Pogacar: Ardennes Classics completely different to Itzulia Basque Country

Primoz Roglic (Jumbo-Visma) and Tadej Pogačar (UAE Team Emirates) during stage 4 of Itzulia Basque Country
Tadej Pogačar (UAE Team Emirates) with Primoz Roglic (Jumbo-Visma) at Itzulia Basque Country (Image credit: Getty Images)

Tadej Pogačar (UAE Team Emirates) and Primož Roglič (Jumbo-Visma) aren’t in a breakaway league of their own, it just sometimes feels that way. Much like with Wout van Aert (Jumbo-Visma) and Mathieu van der Poel (Alpecin-Fenix), the prizes on offer along the way can occasionally seem almost incidental to the overarching narrative of their rivalry.

Flèche Wallonne doubles as the latest installment in the ongoing Slovenian saga, even if Pogačar politely reminded reporters in a video call on Tuesday that he will not be racing only against his fellow countryman on the Mur de Huy at La Flèche Wallonne.

Even so, the breathless edition of Itzulia Basque Country earlier this month was, at its core, a duel between Pogačar and Roglič, with the older man emerging victorious. Flèche Wallonne and Liège-Bastogne-Liège, meanwhile, will be their final competitive meeting this side of the Tour de France.

“Tomorrow and Sunday are completely different races to the Basque Country,” Pogačar said. “They [Jumbo-Visma] were really strong there, the strongest team, I guess, but tomorrow is a totally different race compared to Basque, and so is Sunday. For sure, they are one team to look out for, but let’s not forget about the other 23 teams. It’s a big field.”

There is also, at least in 2011 winner Philippe Gilbert’s view, a longer than usual list of potential victors, including a trio of past winners: Julian Alaphilippe (Deceuninck-QuickStep), Alejandro Valverde (Movistar) and Pogačar’s UAE Team Emirates companion Marc Hirschi.

“Yeah, I agree, it’s a big field of great riders,” said Pogačar. “It’s a punchy finish, short and really hard. If you have good legs, then you can win. If you don’t have them, then you cannot. There’s a lot riders thinking that, so I think it’s going to be an interesting battle.”

Pogačar is lining out at the Ardennes Classics for the third time in his career, and he acknowledged that one-day racing provided something of a mental break from his usual diet of weeklong events. 

“It breaks the rhythm a little bit,” he said. “I really enjoy them and I hope that maybe one day I can win some of them.”

While Roglič is making his debut at Flèche Wallonne, Pogačar placed eighth in the race last year, though he downplayed the idea that his compatriot might suffer from his lack of experience on the Mur de Huy. Roglič, after all, won Liège-Bastogne-Liège at the first attempt last October, beating Pogačar into third.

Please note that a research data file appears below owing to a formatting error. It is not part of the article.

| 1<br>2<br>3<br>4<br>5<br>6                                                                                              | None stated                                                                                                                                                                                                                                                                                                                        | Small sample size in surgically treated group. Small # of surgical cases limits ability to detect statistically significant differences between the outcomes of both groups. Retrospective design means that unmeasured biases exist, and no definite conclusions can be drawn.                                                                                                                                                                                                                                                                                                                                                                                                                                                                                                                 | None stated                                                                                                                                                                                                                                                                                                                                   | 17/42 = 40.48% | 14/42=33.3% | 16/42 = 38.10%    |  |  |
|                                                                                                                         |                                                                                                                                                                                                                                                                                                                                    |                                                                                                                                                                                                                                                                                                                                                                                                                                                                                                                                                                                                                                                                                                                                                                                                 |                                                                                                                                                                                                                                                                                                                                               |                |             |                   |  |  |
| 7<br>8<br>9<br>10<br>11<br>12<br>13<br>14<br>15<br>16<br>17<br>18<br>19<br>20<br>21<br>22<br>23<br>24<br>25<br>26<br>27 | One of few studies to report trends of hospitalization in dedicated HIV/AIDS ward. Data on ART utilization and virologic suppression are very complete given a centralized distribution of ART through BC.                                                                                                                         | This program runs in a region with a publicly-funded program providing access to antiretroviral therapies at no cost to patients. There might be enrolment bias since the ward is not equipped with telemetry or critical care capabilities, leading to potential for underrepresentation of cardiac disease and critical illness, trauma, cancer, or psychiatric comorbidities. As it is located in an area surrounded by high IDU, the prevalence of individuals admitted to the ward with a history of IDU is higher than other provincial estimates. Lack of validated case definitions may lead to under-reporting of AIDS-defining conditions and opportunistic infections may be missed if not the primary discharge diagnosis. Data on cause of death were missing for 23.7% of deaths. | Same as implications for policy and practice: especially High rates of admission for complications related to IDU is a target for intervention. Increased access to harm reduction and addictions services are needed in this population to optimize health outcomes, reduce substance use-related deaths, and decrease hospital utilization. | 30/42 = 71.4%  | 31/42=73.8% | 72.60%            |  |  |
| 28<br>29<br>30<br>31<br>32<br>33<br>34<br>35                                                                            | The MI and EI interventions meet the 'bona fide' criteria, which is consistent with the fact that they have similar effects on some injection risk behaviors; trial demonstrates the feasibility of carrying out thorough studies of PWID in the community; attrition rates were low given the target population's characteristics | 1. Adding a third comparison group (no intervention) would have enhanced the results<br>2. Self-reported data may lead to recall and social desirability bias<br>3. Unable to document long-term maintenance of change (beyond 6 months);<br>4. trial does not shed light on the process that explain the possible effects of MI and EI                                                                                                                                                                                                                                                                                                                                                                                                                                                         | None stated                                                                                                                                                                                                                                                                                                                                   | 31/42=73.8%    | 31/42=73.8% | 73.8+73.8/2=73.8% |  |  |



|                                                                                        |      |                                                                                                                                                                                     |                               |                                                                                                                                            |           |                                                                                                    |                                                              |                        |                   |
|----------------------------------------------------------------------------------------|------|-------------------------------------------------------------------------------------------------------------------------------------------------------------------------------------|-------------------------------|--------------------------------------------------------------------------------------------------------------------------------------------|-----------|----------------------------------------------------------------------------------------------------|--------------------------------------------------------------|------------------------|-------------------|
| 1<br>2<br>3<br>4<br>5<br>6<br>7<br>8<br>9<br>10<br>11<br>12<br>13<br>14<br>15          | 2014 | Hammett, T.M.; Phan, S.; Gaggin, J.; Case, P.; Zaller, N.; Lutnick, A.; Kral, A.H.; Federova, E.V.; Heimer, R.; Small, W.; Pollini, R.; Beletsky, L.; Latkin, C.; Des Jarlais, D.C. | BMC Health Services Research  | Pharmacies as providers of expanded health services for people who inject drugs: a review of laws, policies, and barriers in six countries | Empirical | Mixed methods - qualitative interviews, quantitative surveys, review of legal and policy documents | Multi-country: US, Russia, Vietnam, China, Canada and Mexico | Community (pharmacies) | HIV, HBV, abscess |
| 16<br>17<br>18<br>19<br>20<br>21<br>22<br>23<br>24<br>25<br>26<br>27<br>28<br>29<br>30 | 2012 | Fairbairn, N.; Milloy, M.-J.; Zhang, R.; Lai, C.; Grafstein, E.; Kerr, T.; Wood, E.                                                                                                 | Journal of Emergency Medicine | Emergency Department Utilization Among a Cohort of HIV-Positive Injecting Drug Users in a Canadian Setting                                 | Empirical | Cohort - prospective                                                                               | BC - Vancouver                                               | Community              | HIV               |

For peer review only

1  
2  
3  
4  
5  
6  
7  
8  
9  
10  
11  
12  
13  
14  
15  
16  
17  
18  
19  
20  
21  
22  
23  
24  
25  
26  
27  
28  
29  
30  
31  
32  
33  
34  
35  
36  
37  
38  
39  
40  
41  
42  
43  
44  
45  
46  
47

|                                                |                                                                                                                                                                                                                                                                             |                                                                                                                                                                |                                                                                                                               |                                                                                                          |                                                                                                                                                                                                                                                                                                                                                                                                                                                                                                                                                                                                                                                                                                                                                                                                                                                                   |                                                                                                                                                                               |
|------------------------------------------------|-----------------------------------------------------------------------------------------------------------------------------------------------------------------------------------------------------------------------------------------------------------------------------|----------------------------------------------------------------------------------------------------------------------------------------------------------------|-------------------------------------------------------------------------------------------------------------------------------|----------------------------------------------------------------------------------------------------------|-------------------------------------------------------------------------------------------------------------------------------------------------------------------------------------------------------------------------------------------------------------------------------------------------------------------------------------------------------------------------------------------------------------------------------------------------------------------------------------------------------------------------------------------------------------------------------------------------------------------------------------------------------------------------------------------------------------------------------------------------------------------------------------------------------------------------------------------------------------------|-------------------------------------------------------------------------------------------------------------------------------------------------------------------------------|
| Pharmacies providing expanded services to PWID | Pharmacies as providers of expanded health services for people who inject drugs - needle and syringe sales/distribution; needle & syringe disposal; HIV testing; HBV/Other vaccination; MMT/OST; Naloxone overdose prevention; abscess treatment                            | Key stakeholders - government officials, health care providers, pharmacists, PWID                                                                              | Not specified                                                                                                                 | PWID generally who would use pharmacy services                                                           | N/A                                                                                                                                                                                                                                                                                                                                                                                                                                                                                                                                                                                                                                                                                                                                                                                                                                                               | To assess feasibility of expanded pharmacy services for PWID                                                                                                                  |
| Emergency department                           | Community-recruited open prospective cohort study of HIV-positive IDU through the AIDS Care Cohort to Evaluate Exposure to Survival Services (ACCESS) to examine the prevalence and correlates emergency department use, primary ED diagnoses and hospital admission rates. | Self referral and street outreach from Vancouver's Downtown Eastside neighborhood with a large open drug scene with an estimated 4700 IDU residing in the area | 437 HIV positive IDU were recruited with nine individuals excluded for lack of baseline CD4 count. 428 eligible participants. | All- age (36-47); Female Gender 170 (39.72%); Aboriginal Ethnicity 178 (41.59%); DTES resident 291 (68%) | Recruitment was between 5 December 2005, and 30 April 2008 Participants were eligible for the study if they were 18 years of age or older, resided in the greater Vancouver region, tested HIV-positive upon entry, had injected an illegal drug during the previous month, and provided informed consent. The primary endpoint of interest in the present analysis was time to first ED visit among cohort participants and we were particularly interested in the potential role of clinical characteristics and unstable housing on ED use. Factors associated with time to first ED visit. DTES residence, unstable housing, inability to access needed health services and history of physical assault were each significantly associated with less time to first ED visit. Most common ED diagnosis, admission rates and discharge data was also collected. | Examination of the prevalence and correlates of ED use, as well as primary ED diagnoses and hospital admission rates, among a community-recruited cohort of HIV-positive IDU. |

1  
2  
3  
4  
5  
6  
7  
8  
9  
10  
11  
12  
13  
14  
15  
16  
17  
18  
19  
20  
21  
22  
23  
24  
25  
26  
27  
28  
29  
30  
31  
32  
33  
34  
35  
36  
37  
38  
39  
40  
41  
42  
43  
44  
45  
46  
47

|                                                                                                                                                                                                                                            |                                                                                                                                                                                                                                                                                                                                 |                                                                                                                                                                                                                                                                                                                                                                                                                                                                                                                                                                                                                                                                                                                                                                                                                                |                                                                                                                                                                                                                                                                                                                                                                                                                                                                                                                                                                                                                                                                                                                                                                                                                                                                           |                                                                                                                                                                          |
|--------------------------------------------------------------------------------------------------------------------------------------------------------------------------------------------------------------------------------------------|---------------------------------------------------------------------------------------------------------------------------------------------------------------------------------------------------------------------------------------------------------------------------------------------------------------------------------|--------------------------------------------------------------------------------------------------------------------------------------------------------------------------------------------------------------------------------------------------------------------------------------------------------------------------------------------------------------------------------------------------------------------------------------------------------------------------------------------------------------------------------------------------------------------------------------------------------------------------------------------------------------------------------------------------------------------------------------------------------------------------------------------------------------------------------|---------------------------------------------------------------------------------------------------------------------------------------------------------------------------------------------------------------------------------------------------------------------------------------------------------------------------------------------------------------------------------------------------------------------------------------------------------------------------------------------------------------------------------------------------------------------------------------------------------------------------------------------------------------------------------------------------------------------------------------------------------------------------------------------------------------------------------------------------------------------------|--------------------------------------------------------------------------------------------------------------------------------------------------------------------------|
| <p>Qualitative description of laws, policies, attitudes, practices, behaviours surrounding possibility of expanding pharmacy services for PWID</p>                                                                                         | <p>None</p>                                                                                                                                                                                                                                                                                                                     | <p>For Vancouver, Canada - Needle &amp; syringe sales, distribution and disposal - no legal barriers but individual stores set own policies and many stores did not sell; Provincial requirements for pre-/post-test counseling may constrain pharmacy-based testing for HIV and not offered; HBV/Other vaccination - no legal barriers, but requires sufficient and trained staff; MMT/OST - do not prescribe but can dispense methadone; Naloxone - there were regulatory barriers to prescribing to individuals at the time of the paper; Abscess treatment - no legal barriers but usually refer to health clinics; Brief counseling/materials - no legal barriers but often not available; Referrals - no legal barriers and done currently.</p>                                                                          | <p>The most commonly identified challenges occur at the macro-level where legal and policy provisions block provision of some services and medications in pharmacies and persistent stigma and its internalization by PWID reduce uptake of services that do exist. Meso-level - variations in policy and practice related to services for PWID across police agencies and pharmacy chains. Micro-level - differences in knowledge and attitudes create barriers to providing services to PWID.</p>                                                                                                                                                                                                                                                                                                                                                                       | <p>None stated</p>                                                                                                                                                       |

“I’ve done this race two times before, but you also do Mur de Huy three times in the race so you see the final and you see the climb,” said Pogačar. “For sure with each year, you have more experience but Roglič will not be the only one against us tomorrow. There are a lot of other riders who also know the final and know the race.”

One of those riders is Pogačar’s stable-mate Hirschi, though the Swiss rider has yet to replicate his sparkling from of last Autumn since his sudden departure from Team DSM early in the new year, and he admitted to “missing a few percentage points” after placing 35th at Amstel Gold Race.

“We have a strong team here,” Pogačar said. “Formolo is coming from a training camp preparing for the Giro so I hope he will be good. Marc is getting better and better with each race. I think we have good options and we have a lot of cards tomorrow and next Sunday.”

Pogačar has competed more often than most of his Tour rivals so far in 2021, clocking up 21 race days and racking up victories at the UAE Tour and Tirreno-Adriatico. “For sure it’s a little bit exhausting to be in shape from the first race but if you recover well after the races, I think it’s manageable,” said Pogačar, who, as ever, appears unfazed by his status since winning last year’s Tour.

“For sure there’s more pressure on me but at the same time, less pressure from me. I think it’s harder to defend [the Tour], but it’s easier knowing that I’ve already won it, and there’s nothing more you can do when you do your best.” 

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